A qualitative study of a blended therapy using problem solving therapy with a customised smartphone app in men who present to hospital with intentional self-harm

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Blended therapy describes the use of computerised therapy combined with face-to-face therapy to extend the depth, range and nature of the face-to-face therapy. We wanted to develop a treatment manual for a randomised trial of blended therapy combining face-to-face problem solving and a smartphone app in men who present to hospital with self-harm.


To develop a treatment manual and to describe the experience of receiving and delivering a blended therapy.


After completion of the blended therapy, semistructured qualitative interviews were conducted with participants to describe their experience of the treatment. Two independent coders analysed the material using a thematic, grounded theory approach.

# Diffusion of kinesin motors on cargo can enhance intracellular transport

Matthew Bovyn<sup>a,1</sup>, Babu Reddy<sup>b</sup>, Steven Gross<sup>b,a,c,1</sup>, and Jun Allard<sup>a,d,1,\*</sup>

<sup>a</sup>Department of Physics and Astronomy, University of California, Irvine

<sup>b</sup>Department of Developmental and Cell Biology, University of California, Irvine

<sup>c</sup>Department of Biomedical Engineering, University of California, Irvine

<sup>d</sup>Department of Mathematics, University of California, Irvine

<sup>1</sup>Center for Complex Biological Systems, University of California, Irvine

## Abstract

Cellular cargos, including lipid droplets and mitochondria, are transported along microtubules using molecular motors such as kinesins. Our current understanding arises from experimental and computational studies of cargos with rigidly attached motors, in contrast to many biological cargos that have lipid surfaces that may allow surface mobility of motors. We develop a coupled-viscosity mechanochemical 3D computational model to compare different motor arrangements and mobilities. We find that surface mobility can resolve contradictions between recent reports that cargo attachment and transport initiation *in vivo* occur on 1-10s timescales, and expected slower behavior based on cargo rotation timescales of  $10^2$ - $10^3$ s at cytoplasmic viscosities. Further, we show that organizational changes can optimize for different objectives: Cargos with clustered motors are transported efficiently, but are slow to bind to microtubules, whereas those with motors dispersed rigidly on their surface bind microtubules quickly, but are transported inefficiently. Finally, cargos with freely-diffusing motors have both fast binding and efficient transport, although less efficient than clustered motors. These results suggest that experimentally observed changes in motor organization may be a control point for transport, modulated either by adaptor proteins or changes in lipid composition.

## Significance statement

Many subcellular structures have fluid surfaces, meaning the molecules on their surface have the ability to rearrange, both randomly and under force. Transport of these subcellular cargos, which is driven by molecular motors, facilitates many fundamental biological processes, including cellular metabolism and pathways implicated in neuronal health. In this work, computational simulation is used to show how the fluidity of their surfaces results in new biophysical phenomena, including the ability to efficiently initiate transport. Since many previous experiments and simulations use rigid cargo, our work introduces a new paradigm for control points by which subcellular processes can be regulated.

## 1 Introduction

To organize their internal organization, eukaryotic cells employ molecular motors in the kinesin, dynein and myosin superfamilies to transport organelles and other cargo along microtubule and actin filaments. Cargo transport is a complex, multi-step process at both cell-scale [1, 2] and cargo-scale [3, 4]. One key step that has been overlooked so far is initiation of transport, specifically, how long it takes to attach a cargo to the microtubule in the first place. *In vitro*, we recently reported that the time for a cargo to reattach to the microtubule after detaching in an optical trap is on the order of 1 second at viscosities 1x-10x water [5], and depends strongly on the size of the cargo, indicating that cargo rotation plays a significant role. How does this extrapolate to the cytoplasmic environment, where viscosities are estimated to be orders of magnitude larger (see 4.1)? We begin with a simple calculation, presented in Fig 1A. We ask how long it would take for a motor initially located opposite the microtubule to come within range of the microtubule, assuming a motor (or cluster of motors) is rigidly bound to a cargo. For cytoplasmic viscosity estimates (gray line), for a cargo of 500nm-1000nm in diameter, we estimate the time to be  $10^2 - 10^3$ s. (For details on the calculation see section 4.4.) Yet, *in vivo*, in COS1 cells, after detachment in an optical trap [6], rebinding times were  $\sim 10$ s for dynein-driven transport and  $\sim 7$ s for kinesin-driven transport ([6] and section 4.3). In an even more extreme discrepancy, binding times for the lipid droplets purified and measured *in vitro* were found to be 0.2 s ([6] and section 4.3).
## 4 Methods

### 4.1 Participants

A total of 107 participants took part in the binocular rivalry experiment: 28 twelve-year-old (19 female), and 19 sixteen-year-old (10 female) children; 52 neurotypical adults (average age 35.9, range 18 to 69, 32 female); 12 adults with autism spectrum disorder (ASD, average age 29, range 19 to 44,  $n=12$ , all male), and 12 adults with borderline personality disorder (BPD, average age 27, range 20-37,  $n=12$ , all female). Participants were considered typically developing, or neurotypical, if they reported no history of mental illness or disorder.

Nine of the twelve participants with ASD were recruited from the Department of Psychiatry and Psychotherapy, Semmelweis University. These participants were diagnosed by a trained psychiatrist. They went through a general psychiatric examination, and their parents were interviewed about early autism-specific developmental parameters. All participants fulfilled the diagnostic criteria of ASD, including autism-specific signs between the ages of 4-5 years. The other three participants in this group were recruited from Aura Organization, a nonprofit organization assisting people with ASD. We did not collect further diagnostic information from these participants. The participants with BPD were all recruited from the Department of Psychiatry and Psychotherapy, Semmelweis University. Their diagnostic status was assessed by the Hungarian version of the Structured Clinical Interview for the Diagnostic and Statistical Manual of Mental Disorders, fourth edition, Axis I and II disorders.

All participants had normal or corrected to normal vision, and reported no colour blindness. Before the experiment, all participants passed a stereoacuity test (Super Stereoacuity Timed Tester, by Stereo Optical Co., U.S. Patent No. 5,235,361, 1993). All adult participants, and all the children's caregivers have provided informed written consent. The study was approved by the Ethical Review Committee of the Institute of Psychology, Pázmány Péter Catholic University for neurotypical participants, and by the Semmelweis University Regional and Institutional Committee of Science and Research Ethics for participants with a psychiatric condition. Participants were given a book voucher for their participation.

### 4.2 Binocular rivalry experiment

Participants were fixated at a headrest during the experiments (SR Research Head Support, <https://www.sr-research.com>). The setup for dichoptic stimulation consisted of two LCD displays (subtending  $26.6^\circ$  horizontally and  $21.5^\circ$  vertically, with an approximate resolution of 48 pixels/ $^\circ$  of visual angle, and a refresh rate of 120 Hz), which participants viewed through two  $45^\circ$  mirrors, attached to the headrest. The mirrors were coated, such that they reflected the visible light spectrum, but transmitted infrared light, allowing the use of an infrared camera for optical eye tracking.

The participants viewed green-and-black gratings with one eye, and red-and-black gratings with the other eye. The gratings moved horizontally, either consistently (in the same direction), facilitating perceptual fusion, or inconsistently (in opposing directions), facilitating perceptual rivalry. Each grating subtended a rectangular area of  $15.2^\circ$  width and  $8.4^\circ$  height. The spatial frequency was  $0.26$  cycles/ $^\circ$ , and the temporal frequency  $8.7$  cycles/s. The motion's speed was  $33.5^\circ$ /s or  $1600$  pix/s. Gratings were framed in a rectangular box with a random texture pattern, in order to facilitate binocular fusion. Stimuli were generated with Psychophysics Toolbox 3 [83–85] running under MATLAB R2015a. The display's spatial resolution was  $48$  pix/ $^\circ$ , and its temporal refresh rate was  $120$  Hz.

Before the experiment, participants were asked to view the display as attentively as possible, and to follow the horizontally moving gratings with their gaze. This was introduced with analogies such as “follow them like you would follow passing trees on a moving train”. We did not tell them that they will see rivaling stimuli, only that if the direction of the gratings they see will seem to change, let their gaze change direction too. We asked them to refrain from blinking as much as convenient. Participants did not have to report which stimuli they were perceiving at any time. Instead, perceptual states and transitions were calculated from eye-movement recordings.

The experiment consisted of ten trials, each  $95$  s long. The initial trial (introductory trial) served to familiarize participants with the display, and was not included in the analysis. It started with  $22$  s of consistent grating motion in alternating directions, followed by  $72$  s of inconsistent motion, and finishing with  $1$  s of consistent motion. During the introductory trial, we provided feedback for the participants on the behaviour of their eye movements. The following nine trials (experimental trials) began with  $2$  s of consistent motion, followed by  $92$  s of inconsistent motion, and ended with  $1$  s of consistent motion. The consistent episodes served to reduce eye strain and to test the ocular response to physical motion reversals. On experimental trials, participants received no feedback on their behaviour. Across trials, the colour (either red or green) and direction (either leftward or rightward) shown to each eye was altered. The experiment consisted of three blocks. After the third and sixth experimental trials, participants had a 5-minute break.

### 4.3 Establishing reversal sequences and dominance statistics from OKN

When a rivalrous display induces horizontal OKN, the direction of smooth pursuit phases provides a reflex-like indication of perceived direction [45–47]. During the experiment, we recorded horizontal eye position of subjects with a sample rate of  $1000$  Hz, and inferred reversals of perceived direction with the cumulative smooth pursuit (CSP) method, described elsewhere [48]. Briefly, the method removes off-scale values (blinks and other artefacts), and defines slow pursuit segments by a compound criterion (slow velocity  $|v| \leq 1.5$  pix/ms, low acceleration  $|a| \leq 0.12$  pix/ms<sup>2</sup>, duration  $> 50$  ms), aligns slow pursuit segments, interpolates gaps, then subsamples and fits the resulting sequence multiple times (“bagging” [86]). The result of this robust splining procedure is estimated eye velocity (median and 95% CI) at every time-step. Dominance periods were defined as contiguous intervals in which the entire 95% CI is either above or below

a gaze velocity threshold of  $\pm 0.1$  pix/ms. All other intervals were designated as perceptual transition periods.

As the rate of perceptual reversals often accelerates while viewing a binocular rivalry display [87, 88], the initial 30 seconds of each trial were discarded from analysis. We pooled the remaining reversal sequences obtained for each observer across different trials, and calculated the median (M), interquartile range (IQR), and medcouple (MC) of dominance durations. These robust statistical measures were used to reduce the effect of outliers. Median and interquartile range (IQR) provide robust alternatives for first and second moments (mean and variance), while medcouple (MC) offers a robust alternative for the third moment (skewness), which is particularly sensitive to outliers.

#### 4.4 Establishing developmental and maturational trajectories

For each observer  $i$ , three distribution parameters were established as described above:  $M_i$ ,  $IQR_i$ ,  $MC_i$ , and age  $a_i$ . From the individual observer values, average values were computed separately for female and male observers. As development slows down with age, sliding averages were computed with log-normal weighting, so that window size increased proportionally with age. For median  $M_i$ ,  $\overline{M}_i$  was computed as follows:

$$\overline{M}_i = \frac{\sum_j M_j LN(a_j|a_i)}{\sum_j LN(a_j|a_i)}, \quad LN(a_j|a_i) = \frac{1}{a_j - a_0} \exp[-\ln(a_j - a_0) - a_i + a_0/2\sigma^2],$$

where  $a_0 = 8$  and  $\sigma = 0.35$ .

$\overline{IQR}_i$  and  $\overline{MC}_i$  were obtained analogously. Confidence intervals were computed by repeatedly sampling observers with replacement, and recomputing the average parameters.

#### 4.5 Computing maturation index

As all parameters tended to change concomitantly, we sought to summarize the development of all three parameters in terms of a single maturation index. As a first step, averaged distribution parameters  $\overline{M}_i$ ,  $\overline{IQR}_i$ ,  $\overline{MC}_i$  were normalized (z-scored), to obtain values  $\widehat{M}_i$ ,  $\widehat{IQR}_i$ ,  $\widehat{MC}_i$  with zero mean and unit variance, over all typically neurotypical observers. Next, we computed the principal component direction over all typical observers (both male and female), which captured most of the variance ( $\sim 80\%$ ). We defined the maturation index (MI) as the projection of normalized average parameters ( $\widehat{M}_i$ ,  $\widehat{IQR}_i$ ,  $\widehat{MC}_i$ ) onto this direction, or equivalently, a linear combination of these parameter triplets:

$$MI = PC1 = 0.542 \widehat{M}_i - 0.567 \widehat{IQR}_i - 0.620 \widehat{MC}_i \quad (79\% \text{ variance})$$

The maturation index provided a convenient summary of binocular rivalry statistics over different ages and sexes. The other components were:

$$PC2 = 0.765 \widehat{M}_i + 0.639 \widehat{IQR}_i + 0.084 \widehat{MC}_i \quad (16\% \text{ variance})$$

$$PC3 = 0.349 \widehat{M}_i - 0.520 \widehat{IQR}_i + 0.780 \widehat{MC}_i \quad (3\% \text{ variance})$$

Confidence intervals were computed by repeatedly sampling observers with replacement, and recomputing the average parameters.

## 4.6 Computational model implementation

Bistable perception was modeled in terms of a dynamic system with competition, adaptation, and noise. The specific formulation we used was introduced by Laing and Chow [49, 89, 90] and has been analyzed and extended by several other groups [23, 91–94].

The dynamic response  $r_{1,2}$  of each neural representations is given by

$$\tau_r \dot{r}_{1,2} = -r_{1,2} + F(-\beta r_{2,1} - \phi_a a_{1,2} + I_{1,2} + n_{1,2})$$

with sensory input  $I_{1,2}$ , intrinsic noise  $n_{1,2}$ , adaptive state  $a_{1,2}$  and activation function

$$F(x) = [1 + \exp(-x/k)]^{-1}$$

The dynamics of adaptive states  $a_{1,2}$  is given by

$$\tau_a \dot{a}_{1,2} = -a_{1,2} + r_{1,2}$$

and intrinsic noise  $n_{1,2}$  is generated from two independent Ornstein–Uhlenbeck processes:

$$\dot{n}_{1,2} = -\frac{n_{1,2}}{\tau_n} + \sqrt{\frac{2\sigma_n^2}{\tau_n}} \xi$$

Seven men were enrolled in the study, and six completed the qualitative interviews. The two main themes identified were of trust and connection. Participants attended 85% of their appointments.


In the treatment manual, we emphasised the themes of trust and connection by allowing time to discuss the app in the face-to-face to sessions, ensuring that therapists are familiar with the app and know how to respond to technical queries. Identification of trust and connection generates novel questions about the importance of the therapeutic alliance with technology rather than with people.

Clinical implications

Clinicians and app developers need to pay attention to the therapeutic relationship with technology as trust and good communication can be easily damaged, resulting in disengagement with the app. Blended therapy may result in increased adherence to face-to-face sessions.

Trial registration number


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